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'Climate Action Now' Act Is Not Enough to Answer Climate Emergency, Critics Warn

Politics
Rep. Kathy Castor, House Speaker Nancy Pelosi and House Democrats introduced the Climate Action Now Act on March 27. NowThis News / YouTube screenshot

By Jessica Corbett

Progressives are urging federal lawmakers to pursue a "real solution" to the climate crisis while House Democrats gear up for a vote this week on a bill to block President Donald Trump from ditching the Paris agreement.


"This action from the House is better than no action at all, but not much better," Food & Water Watch executive director Wenonah Hauter said in a statement Wednesday. "Given all that's known about the severity of the climate crisis we face, and the urgent, aggressive action required to stem it, this legislation is merely symbolic."

The legislation in question, the Climate Action Now Act (H.R. 9), was introduced in late March by Rep. Kathy Castor (D-Fla.).

In June of 2017, Trump vowed to withdraw from the Paris agreement — but he can't officially take action until November of next year.

H.R. 9 would prevent the president from bailing on the accord — which is backed by every other country on the planet — and require his administration to develop a public plan detailing how the U.S. "will achieve an economy-wide target of reducing its greenhouse gas emissions by 26 to 28 percent below its 2005 level by 2025."

Although a primary priority of the bill is keeping the country signed on to the agreement that coordinates global efforts to combat the climate crisis, E&E News reported Wednesday that "during a closed-door caucus meeting yesterday ahead of floor action today on H.R. 9, leaders told the rank and file to focus on the economic benefits of climate action and not 'some international standards.'"

"It's all about unleashing the clean economy here in America," said Castor, who chairs the Select Committee on the Climate Crisis. "That agreement would allow countries to create their own goals — America did and it has already created a wave of green jobs."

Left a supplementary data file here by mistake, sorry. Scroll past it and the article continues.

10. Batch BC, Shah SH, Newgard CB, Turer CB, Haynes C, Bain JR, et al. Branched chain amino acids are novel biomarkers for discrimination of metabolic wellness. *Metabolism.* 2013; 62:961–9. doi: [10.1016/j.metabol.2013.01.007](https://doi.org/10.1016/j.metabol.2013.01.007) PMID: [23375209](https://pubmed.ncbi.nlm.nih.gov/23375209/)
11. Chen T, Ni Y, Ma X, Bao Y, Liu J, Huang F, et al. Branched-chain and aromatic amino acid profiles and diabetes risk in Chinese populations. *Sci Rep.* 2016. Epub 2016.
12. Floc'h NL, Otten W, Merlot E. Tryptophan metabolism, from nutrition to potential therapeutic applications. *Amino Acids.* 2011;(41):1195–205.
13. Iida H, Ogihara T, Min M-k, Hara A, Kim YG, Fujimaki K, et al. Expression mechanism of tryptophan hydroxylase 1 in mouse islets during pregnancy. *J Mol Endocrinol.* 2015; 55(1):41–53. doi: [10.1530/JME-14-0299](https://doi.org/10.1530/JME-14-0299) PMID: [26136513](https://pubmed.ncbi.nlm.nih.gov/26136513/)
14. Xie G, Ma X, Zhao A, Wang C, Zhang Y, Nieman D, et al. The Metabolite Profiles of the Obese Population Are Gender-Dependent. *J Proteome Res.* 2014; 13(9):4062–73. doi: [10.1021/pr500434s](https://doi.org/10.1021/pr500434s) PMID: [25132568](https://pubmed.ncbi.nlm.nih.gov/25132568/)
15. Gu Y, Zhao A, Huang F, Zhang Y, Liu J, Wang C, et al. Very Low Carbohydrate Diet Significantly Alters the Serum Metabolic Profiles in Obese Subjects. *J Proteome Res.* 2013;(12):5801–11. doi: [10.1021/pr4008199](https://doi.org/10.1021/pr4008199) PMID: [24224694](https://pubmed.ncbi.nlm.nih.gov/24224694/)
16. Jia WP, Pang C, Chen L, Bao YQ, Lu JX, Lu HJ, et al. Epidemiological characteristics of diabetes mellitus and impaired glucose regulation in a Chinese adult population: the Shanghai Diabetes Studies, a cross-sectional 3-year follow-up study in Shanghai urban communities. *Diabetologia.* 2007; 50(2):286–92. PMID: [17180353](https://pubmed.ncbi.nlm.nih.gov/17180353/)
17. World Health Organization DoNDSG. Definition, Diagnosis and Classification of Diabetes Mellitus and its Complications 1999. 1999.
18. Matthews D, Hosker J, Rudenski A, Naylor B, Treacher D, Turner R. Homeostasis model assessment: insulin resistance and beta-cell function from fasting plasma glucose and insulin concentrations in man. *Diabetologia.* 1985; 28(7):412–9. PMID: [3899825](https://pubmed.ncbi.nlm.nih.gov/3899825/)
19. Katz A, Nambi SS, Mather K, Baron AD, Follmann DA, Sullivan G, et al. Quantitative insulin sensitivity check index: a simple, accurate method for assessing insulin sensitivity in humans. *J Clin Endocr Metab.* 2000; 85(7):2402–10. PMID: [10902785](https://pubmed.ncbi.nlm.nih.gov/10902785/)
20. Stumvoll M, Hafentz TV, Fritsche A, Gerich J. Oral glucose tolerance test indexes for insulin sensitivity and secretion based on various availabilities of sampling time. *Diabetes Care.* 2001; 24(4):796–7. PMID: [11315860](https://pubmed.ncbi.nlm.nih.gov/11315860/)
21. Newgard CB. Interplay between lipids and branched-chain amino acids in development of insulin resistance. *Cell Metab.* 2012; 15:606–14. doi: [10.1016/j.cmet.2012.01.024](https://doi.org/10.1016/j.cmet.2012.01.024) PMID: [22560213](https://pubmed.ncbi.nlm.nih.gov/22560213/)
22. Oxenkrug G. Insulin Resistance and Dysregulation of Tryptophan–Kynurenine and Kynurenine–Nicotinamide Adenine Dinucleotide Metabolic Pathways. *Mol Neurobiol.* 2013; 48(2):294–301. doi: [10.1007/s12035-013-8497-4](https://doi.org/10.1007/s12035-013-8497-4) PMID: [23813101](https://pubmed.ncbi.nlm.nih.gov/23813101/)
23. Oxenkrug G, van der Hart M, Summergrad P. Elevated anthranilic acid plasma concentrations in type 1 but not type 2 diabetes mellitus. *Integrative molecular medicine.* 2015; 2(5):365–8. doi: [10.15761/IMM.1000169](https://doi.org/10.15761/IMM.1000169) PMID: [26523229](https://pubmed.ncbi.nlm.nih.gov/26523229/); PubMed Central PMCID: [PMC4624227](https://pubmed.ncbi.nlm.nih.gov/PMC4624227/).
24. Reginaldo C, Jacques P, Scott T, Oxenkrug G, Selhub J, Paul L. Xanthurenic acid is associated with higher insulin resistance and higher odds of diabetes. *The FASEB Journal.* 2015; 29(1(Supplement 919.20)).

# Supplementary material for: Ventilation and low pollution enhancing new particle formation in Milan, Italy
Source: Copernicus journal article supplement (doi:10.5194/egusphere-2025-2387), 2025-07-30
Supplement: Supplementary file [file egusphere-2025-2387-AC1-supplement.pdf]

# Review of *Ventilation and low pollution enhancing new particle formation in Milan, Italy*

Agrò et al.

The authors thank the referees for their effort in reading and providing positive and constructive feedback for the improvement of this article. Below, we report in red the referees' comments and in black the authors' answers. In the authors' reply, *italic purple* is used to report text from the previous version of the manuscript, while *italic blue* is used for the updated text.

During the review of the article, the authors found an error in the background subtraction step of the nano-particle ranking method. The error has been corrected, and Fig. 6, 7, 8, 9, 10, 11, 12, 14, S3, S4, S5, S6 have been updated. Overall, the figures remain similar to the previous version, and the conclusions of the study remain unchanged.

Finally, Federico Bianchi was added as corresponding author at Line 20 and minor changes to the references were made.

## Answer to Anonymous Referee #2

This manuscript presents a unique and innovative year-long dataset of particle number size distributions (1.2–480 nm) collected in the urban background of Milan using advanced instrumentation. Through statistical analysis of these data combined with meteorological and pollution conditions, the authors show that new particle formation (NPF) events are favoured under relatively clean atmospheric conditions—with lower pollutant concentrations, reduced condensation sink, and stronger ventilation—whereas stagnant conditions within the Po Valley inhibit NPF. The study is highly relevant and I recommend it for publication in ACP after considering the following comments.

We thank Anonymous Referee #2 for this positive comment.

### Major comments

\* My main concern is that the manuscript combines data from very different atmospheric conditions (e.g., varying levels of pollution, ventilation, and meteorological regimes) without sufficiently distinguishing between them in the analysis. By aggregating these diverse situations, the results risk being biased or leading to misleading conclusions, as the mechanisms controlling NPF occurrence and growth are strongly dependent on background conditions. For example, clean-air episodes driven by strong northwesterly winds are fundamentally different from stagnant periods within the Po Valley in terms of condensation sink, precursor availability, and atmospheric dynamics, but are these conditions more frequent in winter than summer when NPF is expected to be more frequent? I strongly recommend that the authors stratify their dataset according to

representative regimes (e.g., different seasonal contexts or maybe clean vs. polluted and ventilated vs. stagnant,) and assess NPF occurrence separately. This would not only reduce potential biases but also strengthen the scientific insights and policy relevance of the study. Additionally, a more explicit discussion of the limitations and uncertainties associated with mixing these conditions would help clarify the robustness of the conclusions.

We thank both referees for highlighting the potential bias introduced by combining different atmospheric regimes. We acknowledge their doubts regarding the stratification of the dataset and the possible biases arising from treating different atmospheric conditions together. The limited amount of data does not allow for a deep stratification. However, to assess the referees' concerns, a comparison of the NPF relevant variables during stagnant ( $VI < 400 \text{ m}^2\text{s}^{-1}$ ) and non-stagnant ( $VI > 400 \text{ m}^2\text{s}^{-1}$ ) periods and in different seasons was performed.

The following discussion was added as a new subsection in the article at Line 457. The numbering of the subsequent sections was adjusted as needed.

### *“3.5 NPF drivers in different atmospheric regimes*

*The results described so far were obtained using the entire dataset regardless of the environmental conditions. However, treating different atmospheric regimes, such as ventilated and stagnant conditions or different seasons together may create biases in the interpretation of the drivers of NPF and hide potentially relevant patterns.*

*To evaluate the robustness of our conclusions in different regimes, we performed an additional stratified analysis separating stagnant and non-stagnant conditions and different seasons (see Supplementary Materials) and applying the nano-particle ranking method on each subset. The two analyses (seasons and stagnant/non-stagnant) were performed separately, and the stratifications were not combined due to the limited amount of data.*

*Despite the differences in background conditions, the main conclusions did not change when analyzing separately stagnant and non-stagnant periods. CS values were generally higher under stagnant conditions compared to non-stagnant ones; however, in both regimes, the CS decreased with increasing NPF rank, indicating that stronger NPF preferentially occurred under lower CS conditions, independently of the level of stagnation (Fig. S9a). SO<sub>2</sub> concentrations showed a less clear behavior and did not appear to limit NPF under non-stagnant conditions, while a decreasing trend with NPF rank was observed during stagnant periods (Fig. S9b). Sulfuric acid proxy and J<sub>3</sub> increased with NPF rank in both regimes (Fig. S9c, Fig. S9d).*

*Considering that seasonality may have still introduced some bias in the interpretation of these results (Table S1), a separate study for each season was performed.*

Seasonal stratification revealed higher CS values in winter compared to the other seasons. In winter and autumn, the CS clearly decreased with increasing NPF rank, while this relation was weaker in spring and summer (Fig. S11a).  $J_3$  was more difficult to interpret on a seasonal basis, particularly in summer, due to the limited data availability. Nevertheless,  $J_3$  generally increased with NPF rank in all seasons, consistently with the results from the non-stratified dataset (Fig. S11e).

The bill's co-sponsors include Speaker Nancy Pelosi (D-Calif.), who created the climate committee late last year, after Democrats took control the House in the midterms. Some progressives criticized the committee as a "weak" response to mounting demands for ambitious action on the scale of scientists' warnings about looming climate catastrophe — and they leveled similar criticism at H.R. 9 this week.

"Simply put, it's the junior varsity bill," RL Miller, chairman of the California Democratic Party's environmental caucus and co-founder of the political action committee Climate Hawks Vote, told Bloomberg. "It's nice but extremely insufficient."

Bloomberg reported Wednesday that "Pelosi is trying to head off her party's restive progressive caucus by invoking the legacy of President Barack Obama to build support for a climate change bill that falls well short of the ambitions of the Green New Deal," a resolution sponsored in the House by Rep. Alexandria Ocasio-Cortez (D-N.Y.).

Ocasio-Cortez told the outlet "there is no harm in passing" H.R. 9, but lawmakers can't stop there. "The idea that we can just reintroduce 2009 policies is not reflective of action that is necessary for now in the world of today," she said, reiterating the need for a Green New Deal.

The resolution that Ocasio-Cortez unveiled in February with Sen. Ed Markey (D-Mass.) calls for transitioning the American energy system away from fossil fuels to 100 percent renewable sources over a decade, creating millions of green jobs, and providing for vulnerable communities impacted by the climate crisis.

The Green New Deal, backed by a youth-led grassroots movement, goes beyond the goals of the Paris agreement and more closely aligns with the demands of scientists and climate campaigners.

"The latest science is clear: In order to adequately address deepening climate chaos, we must transition completely to clean, renewable energy generation in little more than a decade," said Food & Water Watch's Hauter. "The terms of the Paris accord aren't low-hanging fruit, they're fruit that has fallen to the ground and begun to rot."

The House kicked off debate on H.R. 9 Wednesday, and is expected to pass the bill as early as Thursday. However, the Republican-controlled Senate is unlikely to send the legislation to Trump's desk — and even if it does, the White House already issued a veto threat.